. 2679/98 of 7 December 1998, on the functioning of the internal market in relation to the freemovementofgoods among the Member States, L 337/8, Official Journal of the European Communities, http://eur-lex.europa.eu/legalcontent/EN/TXT/PDF/?uri=CELEX:31998R2679&from=EN. 9. Deleanu, Sergiu, Drept european al afacerilor, Piaţa internă a Uniunii Europene, Universul Juridic, Bucureşti, 2013. 10. Department for Business, Innovation and Skills, Directive 2015/1535/EU, Guidance for Officials, January 2016, https
?’ Journal of Business Law , pp. 82–89. Fennelly, N. (2003), ‘Rules and exceptions: freedom of movement and intellectual property rights in the European Union,’ in H. C. Hansen (ed.) International Intellectual Property Law & Policy , vol. 5, ch. 33, New York: Juris Publishing LLC. First Council Directive 89/104/EEC to approximate the laws of the Member States relating to trade marks, OJ L 40, 21.12.1988. Forrester, I. & Nielson, A. (1997), ‘Pharmaceuticals: test bed for European themes on trademarks and the freemovementofgoods,’ Fordham Intellectual Property
Public Procurement is an important element of the Internal Market and a basic method of public spending and ensuring the free movement of goods, services and works by domestic and foreign companies. Through the adoption and implementation in the national legislation of the Member States of a package of Directives 2014, a new Public Procurement regime is settled. The purpose of the new Directives is to exclude the risk of giving national tenderers an advantage. There are a number of issues, including the kind of legal protection contractors can expect in Public Procurement procedures. This article analyses one of the mechanisms for controlling Public Procurement - their appeal. It relates to the judicial control exercised by the relevant national institutions in the Member States and the conditions and procedures for appeal that are governed by the national laws, once the Directives have been transposed into national legal systems. Despite a limited number of cases, the Court of Justice of EU (CJEU) also exercises judicial review within the context of a reference for a preliminary ruling, where a national court hearing an appeal against a Public Procurement procedure, has referred a question to the CJEU.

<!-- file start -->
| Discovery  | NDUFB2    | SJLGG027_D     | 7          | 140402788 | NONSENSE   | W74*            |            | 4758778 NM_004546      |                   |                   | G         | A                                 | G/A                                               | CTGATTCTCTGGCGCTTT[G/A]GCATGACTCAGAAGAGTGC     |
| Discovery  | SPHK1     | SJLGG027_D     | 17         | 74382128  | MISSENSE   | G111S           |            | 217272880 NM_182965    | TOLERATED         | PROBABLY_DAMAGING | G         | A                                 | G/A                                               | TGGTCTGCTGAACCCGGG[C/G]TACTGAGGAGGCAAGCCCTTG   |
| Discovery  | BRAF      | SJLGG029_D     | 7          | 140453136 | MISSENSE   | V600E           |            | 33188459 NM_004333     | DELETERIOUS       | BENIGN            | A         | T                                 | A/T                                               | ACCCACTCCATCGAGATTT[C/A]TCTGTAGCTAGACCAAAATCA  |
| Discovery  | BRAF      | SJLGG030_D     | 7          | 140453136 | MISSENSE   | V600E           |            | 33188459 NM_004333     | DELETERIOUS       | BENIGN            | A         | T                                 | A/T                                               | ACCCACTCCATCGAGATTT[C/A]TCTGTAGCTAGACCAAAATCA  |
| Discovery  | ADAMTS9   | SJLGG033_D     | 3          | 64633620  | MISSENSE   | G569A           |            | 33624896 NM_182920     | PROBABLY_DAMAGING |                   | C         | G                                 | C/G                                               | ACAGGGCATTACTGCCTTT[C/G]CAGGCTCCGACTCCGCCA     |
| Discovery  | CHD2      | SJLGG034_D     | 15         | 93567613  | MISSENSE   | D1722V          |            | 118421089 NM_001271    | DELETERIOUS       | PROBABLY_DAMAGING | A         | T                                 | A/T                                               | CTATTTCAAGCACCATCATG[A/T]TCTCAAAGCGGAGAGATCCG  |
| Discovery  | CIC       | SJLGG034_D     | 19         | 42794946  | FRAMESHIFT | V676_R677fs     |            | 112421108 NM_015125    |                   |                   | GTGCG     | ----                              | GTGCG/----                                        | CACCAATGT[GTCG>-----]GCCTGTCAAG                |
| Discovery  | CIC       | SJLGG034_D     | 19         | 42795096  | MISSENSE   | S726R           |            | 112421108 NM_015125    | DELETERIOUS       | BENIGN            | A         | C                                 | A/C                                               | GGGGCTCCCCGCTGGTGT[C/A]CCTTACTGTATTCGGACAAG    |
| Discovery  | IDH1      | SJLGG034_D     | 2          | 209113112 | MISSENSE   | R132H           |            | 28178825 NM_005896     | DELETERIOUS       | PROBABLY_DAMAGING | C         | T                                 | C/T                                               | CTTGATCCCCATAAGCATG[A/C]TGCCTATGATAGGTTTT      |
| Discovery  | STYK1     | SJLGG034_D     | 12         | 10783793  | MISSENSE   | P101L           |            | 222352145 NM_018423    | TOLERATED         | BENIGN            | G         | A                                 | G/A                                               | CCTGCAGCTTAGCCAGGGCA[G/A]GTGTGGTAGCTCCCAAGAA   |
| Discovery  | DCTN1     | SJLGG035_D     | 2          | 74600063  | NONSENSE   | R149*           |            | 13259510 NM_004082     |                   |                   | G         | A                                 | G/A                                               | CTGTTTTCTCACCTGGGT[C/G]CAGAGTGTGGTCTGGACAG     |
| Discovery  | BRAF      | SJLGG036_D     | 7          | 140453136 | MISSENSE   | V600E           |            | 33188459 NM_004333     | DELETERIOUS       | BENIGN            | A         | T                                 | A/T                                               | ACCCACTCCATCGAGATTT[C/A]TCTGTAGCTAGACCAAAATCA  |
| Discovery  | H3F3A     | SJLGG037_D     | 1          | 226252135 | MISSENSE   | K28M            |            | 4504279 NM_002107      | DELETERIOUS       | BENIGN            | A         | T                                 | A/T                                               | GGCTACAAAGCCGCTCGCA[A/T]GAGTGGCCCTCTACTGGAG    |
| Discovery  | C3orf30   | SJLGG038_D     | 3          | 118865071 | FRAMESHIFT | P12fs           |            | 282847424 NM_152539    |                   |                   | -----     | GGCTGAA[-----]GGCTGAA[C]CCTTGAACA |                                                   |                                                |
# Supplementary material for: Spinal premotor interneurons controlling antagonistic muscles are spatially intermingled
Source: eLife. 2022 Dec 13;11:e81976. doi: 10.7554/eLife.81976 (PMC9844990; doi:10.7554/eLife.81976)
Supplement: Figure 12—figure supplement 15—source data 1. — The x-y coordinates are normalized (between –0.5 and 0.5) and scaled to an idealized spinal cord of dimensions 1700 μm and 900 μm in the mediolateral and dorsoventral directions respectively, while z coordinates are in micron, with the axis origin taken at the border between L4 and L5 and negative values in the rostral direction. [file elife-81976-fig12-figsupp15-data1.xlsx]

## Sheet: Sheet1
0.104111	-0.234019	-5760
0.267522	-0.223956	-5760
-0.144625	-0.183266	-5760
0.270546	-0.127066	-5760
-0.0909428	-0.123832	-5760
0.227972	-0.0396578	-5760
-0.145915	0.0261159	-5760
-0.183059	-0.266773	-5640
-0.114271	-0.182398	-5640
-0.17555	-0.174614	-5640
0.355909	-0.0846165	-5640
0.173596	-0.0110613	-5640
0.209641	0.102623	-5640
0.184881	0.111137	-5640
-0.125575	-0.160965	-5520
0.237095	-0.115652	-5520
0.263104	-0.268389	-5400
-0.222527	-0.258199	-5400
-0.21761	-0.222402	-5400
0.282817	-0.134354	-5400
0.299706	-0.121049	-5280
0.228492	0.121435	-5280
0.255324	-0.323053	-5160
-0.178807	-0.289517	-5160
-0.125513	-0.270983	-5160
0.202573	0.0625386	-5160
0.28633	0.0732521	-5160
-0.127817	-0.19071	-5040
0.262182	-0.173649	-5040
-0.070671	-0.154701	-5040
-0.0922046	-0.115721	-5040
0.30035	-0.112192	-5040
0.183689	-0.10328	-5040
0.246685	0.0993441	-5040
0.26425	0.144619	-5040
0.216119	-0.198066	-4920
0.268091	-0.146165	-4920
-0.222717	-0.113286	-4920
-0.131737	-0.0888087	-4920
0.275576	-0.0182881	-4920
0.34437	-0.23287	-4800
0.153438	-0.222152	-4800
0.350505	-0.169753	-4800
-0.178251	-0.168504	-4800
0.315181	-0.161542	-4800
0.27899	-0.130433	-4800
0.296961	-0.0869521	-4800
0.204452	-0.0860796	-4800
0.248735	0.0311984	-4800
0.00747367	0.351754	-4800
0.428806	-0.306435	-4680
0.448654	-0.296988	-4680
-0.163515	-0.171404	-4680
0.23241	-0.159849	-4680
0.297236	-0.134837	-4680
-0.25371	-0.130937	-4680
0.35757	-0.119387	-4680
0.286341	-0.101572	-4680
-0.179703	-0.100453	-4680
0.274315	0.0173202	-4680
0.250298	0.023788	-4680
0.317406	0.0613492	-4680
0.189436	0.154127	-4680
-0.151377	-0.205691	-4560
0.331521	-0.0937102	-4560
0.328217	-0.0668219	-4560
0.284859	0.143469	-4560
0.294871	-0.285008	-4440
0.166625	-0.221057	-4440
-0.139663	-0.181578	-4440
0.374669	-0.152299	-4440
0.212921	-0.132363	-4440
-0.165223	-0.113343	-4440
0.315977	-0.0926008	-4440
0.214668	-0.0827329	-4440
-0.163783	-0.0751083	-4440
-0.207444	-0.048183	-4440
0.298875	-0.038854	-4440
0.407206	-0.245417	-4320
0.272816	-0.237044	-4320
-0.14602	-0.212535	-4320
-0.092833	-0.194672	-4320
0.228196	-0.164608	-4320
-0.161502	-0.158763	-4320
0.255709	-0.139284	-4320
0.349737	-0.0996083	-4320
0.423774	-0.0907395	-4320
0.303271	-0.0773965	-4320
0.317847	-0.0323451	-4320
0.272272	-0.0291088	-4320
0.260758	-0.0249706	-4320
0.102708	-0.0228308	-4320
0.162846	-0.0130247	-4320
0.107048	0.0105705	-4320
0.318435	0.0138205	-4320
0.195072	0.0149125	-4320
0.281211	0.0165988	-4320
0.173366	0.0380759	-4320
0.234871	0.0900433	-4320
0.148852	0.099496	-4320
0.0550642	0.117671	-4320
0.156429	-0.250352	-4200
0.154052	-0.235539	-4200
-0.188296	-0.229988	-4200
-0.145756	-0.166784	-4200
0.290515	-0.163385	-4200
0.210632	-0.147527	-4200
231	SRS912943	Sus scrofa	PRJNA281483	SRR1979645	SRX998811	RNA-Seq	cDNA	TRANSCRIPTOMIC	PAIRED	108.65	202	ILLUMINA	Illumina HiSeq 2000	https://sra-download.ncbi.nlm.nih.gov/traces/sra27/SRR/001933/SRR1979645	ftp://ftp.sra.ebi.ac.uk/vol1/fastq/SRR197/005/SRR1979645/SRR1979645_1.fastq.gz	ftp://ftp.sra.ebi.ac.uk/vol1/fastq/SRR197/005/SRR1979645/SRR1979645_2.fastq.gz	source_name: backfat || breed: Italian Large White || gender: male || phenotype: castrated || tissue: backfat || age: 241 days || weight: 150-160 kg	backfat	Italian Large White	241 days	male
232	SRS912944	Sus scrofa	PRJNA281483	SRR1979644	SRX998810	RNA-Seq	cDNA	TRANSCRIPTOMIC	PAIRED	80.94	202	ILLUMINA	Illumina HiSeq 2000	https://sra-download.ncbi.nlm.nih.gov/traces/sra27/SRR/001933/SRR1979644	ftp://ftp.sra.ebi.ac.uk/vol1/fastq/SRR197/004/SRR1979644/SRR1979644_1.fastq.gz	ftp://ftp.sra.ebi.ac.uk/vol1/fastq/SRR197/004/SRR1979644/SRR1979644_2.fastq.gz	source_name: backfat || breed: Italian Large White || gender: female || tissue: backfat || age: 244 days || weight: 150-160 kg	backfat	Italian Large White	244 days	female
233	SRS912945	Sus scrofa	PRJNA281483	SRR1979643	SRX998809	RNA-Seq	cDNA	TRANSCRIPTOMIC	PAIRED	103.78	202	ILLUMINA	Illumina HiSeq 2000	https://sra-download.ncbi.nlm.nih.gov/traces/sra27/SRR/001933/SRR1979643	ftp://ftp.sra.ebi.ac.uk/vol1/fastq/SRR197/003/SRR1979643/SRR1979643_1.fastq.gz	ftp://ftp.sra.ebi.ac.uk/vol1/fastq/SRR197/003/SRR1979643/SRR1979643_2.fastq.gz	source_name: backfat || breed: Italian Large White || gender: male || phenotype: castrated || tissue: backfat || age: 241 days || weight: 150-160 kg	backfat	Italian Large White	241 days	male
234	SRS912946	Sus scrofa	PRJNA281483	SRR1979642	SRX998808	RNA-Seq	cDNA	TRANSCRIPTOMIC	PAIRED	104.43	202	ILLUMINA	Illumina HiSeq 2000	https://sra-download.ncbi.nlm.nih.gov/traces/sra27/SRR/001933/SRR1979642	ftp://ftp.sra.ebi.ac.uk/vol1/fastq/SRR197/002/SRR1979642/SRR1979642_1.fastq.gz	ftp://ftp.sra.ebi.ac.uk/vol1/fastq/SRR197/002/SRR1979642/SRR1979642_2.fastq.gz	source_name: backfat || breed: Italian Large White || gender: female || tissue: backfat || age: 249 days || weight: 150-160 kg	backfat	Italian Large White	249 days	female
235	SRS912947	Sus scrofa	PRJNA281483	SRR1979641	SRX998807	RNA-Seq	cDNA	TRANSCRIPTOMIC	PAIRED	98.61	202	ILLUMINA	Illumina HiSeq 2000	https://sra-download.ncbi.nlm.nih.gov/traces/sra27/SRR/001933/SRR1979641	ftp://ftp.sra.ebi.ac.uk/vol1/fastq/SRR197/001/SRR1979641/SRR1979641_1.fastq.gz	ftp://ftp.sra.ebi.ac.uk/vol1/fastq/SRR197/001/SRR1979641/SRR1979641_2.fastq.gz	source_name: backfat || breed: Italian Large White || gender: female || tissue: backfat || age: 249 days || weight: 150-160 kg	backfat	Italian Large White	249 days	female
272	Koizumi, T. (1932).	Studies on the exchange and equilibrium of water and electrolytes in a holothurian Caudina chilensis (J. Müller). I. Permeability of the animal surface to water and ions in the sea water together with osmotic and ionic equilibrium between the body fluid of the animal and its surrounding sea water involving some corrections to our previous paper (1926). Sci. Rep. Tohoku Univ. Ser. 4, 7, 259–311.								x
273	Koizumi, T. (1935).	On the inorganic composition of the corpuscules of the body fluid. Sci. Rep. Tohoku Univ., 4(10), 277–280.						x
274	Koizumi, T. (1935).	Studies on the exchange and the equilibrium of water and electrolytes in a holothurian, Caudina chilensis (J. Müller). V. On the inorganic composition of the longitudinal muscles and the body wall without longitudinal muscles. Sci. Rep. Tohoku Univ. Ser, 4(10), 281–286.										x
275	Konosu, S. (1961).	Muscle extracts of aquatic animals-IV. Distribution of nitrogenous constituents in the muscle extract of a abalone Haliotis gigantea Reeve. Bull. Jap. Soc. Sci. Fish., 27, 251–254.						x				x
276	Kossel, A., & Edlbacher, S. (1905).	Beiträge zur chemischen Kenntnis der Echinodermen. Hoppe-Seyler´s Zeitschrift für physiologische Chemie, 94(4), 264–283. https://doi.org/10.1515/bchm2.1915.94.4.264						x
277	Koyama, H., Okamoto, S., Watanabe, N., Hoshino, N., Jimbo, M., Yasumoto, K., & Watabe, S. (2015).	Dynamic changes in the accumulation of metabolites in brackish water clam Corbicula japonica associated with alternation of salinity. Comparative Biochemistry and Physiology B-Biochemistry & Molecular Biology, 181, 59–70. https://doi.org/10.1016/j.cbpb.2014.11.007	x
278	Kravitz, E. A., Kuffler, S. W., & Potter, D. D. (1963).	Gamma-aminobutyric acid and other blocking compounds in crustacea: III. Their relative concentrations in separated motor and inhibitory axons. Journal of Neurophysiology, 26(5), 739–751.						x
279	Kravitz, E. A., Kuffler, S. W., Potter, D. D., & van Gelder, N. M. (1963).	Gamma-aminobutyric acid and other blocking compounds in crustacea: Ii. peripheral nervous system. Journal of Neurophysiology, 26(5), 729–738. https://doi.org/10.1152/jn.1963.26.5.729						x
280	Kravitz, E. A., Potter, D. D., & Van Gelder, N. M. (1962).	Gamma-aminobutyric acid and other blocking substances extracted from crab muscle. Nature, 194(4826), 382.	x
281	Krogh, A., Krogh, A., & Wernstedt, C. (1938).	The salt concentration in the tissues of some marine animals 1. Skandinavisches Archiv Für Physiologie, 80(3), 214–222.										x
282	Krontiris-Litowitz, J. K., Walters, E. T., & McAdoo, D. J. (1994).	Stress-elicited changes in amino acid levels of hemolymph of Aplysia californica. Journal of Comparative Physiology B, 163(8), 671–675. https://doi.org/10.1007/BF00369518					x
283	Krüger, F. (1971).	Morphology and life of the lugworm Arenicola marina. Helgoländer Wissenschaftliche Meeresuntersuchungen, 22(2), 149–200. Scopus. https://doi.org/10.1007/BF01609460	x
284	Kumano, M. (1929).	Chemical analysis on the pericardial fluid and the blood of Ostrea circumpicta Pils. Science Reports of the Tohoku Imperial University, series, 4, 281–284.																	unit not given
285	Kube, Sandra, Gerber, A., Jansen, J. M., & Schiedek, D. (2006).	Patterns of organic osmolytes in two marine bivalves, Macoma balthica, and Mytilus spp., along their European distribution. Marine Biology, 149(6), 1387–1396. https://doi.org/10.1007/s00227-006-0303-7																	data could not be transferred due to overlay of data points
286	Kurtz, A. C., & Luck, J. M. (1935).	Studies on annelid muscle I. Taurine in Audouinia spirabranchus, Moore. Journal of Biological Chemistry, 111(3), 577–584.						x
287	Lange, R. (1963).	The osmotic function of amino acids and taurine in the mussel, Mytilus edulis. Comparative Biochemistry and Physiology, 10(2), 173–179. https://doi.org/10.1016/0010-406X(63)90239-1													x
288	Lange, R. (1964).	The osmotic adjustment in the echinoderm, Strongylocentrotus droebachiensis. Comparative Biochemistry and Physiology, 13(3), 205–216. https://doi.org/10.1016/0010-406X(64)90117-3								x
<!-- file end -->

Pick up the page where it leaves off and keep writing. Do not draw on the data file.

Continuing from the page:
The aim of this paper is to present the results of a preliminary assessment of Poland’s export expansion policy in relation to the export of commodities, which is a result of the Government’s Plan for Responsible Development, in the context of existing barriers and the external and internal conditions reported by small and medium‑sized enterprises sector (SMEs). In the latest ranking of its competitive position in the global market for the period 2016-2017, Poland ranked 36th in the world. It should also be stressed that in this most recent world ranking Poland held the 16th position among EU Member States. A positive phenomenon in relation to Poland’s foreign trade in 2016, as compared to previous years, was that the value of export exceeded import, which allowed for a turnover surplus of nearly EUR 4.8 billion, i.e. two times higher than in 2015. In 2016 (and also in the first half of 2017) there was a favorable diversification of Polish export, demonstrating an increase in export to non‑EU markets of economically developed countries. After two years of relatively slow growth, export to this group of countries in 2016 increased by 5.6% (to EUR 12 billion), i.e. nearly 2.5 times faster than the total export. Despite the tariff‑free and quota‑free access to the single European market, there are still limits and barriers to the free movement of goods, and especially services. There are also many internal barriers in small and medium‑sized enterprises’ export to foreign markets, which limit their export expansion. Despite the gradual increase in export observed in recent years, the internationalization of non‑Polish enterprises is still much lower than in Western European countries. As a result, the share of Polish SMEs in the EU market is one third smaller than the EU average.